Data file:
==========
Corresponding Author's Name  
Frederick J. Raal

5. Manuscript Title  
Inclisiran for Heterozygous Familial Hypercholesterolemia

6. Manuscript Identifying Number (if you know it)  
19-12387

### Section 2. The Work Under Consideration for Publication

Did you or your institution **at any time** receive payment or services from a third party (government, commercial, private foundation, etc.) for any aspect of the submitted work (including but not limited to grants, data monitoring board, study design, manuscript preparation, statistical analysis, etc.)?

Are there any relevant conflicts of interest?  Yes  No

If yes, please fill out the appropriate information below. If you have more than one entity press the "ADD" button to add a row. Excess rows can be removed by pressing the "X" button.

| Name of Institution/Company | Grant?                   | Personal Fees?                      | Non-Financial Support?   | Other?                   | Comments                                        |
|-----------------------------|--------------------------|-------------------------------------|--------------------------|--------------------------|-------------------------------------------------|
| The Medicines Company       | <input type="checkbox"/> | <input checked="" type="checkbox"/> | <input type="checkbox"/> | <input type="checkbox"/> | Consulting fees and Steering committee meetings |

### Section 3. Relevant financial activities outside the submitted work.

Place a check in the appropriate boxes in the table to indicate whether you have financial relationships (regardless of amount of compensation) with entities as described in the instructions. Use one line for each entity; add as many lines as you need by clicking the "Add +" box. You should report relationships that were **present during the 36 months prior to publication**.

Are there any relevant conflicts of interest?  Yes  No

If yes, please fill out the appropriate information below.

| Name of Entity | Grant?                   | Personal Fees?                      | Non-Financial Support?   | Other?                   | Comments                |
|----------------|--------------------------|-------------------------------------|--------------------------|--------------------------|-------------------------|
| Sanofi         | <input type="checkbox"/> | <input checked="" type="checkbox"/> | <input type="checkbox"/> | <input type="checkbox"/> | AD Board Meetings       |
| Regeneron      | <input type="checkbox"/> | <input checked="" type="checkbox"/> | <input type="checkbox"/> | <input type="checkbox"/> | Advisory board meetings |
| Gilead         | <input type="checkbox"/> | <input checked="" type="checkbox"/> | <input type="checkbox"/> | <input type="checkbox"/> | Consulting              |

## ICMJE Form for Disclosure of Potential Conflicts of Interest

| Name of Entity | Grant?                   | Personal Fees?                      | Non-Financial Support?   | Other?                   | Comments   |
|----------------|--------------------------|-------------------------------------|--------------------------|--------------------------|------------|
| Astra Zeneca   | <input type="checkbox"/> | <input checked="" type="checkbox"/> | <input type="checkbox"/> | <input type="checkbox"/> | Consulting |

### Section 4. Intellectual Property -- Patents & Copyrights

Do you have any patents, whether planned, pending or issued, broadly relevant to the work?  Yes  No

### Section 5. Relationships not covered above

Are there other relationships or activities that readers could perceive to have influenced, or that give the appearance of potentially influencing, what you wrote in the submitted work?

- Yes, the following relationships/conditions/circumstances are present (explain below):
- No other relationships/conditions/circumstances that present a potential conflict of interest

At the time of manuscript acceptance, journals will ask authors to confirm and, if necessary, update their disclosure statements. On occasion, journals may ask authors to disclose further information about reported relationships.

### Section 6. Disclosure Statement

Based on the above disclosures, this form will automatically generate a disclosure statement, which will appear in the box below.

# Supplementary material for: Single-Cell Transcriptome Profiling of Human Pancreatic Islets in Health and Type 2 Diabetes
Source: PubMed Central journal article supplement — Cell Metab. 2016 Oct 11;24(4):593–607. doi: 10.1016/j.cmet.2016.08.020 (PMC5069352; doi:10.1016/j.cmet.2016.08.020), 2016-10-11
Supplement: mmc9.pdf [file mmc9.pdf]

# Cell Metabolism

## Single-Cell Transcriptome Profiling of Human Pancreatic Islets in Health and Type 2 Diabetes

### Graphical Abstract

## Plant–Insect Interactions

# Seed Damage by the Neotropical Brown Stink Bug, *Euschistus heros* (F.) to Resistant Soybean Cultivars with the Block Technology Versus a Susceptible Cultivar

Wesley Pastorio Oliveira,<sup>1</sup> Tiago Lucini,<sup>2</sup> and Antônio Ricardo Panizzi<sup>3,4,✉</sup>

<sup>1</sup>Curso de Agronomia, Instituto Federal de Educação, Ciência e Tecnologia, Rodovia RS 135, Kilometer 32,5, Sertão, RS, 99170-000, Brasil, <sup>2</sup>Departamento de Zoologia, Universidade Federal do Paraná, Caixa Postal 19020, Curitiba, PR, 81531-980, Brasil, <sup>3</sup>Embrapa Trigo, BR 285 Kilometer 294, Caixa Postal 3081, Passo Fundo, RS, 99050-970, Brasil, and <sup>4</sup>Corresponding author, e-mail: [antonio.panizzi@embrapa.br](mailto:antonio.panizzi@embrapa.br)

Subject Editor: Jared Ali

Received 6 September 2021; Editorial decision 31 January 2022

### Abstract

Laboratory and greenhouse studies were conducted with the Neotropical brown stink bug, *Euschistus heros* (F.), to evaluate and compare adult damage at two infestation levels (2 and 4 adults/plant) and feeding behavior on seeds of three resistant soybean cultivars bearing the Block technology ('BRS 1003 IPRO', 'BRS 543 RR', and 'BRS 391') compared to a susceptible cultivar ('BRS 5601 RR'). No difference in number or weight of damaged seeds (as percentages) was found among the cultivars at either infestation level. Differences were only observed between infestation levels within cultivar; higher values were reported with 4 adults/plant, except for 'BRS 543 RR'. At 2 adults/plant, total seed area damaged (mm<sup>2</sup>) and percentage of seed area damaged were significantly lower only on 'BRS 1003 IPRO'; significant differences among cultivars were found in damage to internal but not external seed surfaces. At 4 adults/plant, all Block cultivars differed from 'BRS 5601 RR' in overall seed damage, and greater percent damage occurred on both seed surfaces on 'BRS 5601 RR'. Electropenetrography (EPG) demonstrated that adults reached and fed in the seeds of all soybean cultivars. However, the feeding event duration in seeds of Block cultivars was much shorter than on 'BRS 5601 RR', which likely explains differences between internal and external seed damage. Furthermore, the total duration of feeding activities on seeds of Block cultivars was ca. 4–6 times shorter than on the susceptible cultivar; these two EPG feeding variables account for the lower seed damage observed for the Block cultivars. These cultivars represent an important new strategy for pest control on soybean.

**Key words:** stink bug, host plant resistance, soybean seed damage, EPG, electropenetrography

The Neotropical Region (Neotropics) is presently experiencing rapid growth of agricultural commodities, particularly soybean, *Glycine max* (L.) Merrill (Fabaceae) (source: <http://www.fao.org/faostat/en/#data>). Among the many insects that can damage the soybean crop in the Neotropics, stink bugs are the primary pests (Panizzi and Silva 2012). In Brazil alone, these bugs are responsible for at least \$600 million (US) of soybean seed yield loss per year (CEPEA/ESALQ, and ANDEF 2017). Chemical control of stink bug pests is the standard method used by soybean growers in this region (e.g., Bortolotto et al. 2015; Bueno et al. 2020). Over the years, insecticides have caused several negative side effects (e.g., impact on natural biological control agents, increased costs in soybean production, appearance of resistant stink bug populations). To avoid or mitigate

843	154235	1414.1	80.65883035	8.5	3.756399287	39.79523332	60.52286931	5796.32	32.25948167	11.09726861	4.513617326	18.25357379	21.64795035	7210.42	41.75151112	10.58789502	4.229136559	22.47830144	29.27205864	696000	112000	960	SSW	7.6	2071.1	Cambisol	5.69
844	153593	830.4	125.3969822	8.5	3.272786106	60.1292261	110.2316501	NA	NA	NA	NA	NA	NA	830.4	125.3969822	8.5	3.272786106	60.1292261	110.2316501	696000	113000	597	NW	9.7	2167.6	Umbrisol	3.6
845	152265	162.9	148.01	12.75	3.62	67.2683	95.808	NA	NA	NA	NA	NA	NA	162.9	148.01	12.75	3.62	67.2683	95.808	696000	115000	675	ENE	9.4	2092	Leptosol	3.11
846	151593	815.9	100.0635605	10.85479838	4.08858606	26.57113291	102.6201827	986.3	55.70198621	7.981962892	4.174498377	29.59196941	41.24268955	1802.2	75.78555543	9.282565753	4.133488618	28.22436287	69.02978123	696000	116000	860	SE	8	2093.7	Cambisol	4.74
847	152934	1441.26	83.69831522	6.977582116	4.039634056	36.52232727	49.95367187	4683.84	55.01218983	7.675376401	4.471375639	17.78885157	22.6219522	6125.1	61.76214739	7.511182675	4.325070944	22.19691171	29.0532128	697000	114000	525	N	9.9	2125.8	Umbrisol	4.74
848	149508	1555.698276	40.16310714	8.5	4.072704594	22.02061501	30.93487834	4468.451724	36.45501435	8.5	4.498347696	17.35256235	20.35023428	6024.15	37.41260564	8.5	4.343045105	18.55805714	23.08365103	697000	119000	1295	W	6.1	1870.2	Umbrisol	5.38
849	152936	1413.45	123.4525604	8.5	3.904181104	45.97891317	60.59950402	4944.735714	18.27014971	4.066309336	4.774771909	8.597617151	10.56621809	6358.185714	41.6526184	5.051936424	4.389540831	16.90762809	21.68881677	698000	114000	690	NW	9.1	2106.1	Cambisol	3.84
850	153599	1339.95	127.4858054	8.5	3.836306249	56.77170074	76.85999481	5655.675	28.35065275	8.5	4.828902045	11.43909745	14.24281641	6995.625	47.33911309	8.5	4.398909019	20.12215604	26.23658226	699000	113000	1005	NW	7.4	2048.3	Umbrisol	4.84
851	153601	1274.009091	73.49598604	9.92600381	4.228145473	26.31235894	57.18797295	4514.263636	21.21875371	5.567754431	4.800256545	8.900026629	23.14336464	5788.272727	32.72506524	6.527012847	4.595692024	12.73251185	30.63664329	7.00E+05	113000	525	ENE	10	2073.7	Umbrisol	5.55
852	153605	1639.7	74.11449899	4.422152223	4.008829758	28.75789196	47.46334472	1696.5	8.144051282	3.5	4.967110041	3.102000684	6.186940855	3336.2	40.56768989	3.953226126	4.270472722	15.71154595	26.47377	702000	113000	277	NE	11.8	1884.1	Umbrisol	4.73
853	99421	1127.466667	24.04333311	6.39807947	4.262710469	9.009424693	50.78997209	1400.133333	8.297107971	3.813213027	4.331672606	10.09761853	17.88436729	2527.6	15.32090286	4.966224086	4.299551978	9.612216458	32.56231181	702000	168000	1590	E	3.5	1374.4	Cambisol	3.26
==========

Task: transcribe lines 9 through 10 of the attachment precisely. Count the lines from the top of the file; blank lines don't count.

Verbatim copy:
Are there any relevant conflicts of interest?  Yes  No

If yes, please fill out the appropriate information below. If you have more than one entity press the "ADD" button to add a row. Excess rows can be removed by pressing the "X" button.